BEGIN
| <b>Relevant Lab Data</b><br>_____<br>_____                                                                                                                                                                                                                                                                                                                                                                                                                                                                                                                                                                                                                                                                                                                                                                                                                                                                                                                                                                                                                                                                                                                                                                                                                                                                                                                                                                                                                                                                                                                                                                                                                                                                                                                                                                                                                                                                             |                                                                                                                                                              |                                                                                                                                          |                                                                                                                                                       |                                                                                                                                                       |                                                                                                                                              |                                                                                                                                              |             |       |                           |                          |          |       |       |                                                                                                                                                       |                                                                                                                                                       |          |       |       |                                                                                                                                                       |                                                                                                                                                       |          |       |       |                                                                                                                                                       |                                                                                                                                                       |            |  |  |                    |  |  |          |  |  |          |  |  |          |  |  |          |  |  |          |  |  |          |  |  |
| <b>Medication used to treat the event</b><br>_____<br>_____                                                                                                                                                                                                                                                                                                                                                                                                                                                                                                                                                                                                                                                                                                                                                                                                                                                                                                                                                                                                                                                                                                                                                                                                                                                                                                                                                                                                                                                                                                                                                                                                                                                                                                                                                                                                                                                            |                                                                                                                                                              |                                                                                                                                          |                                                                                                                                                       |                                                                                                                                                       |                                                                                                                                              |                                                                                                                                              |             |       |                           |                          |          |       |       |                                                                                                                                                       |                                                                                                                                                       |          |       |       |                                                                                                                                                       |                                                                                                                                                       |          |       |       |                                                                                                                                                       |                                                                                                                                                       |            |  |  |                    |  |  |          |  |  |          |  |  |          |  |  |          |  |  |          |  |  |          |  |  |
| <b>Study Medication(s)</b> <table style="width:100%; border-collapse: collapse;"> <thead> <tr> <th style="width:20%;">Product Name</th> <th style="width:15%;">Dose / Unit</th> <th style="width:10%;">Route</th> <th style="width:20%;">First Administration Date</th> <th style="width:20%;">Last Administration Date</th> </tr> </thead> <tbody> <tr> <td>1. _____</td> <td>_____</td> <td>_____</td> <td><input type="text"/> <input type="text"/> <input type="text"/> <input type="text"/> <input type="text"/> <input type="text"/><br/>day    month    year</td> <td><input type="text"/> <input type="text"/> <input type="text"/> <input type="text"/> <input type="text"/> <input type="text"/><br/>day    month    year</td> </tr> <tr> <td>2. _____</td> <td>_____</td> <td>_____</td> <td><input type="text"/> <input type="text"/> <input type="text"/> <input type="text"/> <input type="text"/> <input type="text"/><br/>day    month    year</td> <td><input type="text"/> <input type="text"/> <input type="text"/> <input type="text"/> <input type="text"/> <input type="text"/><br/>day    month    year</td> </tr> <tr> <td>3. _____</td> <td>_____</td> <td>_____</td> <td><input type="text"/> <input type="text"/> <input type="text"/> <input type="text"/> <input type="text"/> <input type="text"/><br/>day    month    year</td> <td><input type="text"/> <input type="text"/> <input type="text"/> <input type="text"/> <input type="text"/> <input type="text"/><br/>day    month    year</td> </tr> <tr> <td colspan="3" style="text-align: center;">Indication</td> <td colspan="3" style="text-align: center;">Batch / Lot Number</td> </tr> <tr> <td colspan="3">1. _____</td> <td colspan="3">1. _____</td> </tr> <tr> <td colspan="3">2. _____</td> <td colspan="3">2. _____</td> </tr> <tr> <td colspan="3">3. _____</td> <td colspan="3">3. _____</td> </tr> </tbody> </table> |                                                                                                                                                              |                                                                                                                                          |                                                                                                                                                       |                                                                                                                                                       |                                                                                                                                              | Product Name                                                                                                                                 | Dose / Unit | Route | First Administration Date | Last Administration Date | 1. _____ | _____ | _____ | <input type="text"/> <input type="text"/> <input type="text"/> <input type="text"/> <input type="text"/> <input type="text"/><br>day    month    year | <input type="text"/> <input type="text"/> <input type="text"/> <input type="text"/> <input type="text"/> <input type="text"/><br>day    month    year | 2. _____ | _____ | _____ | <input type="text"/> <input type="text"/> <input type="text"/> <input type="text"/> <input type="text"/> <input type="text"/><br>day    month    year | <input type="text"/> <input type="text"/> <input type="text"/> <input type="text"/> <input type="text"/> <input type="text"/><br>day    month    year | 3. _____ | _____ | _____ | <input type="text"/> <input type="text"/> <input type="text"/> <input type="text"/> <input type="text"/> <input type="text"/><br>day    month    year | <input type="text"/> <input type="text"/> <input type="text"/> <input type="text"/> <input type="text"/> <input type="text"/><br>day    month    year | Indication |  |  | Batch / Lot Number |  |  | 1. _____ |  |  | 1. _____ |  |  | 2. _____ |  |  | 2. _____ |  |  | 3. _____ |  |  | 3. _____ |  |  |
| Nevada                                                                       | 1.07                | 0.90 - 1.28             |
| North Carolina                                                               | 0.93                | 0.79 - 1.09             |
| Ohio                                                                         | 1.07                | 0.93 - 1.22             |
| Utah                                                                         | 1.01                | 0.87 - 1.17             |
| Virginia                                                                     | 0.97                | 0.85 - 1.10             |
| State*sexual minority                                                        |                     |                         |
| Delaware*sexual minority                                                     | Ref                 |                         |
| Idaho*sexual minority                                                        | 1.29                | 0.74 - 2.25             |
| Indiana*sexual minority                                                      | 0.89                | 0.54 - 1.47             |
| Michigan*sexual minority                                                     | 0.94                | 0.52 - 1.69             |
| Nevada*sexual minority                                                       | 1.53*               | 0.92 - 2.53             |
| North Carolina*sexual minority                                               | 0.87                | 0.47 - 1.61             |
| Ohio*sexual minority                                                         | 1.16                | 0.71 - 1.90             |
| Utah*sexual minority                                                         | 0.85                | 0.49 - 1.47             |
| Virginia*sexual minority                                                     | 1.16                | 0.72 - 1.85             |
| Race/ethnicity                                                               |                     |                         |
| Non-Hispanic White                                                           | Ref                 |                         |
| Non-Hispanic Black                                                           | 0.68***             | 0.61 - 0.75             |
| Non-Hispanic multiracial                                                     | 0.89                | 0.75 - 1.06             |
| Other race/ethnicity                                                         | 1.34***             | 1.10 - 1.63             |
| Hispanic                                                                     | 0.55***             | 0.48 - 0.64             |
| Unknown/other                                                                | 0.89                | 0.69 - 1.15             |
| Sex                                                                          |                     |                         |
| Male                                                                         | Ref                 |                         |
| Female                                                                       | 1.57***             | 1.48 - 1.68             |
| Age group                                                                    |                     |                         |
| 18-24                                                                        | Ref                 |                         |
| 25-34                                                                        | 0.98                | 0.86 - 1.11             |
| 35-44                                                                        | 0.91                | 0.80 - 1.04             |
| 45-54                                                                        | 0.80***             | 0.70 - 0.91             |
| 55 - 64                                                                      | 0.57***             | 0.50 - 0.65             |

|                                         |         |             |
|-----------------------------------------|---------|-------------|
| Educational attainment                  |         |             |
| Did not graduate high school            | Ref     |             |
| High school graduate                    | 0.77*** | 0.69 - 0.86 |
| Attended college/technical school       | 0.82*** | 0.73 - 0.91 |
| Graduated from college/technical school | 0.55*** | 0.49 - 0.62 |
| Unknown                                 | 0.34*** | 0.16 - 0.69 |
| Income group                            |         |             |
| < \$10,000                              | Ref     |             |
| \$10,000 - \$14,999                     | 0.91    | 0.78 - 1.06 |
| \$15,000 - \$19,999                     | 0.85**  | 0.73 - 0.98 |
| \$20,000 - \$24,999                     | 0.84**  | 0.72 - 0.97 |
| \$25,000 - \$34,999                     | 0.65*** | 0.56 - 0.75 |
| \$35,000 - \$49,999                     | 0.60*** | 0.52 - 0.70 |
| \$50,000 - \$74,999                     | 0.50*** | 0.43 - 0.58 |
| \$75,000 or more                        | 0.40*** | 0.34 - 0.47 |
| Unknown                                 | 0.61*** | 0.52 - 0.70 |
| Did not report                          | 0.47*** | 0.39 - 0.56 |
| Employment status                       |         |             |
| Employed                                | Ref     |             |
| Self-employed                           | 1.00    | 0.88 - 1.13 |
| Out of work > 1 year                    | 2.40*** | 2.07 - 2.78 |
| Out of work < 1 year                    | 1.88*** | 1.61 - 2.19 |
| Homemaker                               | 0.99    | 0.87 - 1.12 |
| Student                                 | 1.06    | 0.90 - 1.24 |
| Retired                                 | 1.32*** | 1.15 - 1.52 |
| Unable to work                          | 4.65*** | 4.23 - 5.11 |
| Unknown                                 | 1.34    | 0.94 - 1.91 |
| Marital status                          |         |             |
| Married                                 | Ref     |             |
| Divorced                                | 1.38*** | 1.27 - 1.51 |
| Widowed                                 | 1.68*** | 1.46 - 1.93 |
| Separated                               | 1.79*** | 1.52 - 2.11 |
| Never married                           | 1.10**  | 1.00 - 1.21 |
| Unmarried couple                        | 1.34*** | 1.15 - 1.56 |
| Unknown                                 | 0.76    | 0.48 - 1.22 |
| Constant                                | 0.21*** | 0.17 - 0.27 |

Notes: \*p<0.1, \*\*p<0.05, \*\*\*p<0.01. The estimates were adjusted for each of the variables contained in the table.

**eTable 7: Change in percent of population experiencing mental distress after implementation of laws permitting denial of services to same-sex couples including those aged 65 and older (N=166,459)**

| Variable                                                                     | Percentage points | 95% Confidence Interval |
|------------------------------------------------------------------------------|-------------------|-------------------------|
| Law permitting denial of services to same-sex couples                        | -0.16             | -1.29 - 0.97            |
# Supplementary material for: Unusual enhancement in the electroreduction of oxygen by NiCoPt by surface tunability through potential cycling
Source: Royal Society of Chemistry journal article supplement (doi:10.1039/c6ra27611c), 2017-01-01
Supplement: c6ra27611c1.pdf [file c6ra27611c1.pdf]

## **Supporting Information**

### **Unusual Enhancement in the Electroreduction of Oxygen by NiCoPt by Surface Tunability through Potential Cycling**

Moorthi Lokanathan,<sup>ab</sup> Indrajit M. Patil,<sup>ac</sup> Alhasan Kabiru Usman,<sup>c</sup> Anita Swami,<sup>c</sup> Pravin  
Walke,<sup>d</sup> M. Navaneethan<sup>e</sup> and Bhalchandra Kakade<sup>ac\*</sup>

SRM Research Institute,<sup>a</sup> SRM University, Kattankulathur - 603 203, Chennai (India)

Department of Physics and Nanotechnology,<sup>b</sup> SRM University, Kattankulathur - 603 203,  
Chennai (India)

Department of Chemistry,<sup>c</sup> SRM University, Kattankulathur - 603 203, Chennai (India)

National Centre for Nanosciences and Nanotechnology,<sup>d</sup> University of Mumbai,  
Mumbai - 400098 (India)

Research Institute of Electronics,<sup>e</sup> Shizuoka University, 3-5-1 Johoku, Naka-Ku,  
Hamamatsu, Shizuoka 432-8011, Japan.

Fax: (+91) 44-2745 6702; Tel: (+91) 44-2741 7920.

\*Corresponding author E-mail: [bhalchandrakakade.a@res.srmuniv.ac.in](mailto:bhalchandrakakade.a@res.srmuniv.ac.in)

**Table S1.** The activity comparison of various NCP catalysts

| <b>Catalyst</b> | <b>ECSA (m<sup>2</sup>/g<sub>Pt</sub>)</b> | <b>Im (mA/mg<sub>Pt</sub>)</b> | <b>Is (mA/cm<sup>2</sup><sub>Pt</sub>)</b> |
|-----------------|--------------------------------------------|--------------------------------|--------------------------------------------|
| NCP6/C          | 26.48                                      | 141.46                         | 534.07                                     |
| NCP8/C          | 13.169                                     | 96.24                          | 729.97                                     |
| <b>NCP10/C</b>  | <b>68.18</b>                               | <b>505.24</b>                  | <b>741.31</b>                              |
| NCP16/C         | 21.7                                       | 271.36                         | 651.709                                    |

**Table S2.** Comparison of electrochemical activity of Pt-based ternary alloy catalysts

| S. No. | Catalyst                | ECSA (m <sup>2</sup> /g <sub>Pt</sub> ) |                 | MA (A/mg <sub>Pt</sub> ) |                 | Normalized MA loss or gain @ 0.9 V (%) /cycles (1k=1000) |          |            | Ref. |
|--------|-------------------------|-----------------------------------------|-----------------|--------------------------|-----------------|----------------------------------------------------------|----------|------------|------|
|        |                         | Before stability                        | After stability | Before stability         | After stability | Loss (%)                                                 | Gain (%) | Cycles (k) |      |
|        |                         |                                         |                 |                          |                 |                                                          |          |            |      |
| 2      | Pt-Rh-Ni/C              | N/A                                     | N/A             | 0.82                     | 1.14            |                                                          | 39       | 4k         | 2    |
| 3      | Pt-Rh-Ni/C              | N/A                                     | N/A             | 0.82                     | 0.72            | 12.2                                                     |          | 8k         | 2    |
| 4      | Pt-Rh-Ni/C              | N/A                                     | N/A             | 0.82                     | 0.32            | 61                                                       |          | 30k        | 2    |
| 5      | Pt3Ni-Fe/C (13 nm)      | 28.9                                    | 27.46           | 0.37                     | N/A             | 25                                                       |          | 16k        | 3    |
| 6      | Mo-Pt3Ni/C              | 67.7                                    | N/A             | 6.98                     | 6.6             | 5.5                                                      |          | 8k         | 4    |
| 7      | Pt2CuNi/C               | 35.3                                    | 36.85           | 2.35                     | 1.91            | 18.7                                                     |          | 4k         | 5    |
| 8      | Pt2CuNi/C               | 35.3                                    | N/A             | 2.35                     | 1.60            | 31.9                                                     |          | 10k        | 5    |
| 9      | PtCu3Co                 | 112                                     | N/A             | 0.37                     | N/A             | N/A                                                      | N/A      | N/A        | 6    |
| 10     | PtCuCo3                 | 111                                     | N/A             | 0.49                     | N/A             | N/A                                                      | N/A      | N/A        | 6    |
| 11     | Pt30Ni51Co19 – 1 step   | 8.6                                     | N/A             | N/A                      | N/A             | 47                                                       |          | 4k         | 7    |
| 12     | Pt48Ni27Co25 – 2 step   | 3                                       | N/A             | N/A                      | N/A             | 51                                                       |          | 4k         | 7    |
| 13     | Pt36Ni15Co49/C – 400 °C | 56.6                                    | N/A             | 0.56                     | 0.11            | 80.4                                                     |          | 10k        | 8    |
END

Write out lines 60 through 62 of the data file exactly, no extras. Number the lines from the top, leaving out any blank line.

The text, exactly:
| Student                                 | 1.06    | 0.90 - 1.24 |
| Retired                                 | 1.32*** | 1.15 - 1.52 |
| Unable to work                          | 4.65*** | 4.23 - 5.11 |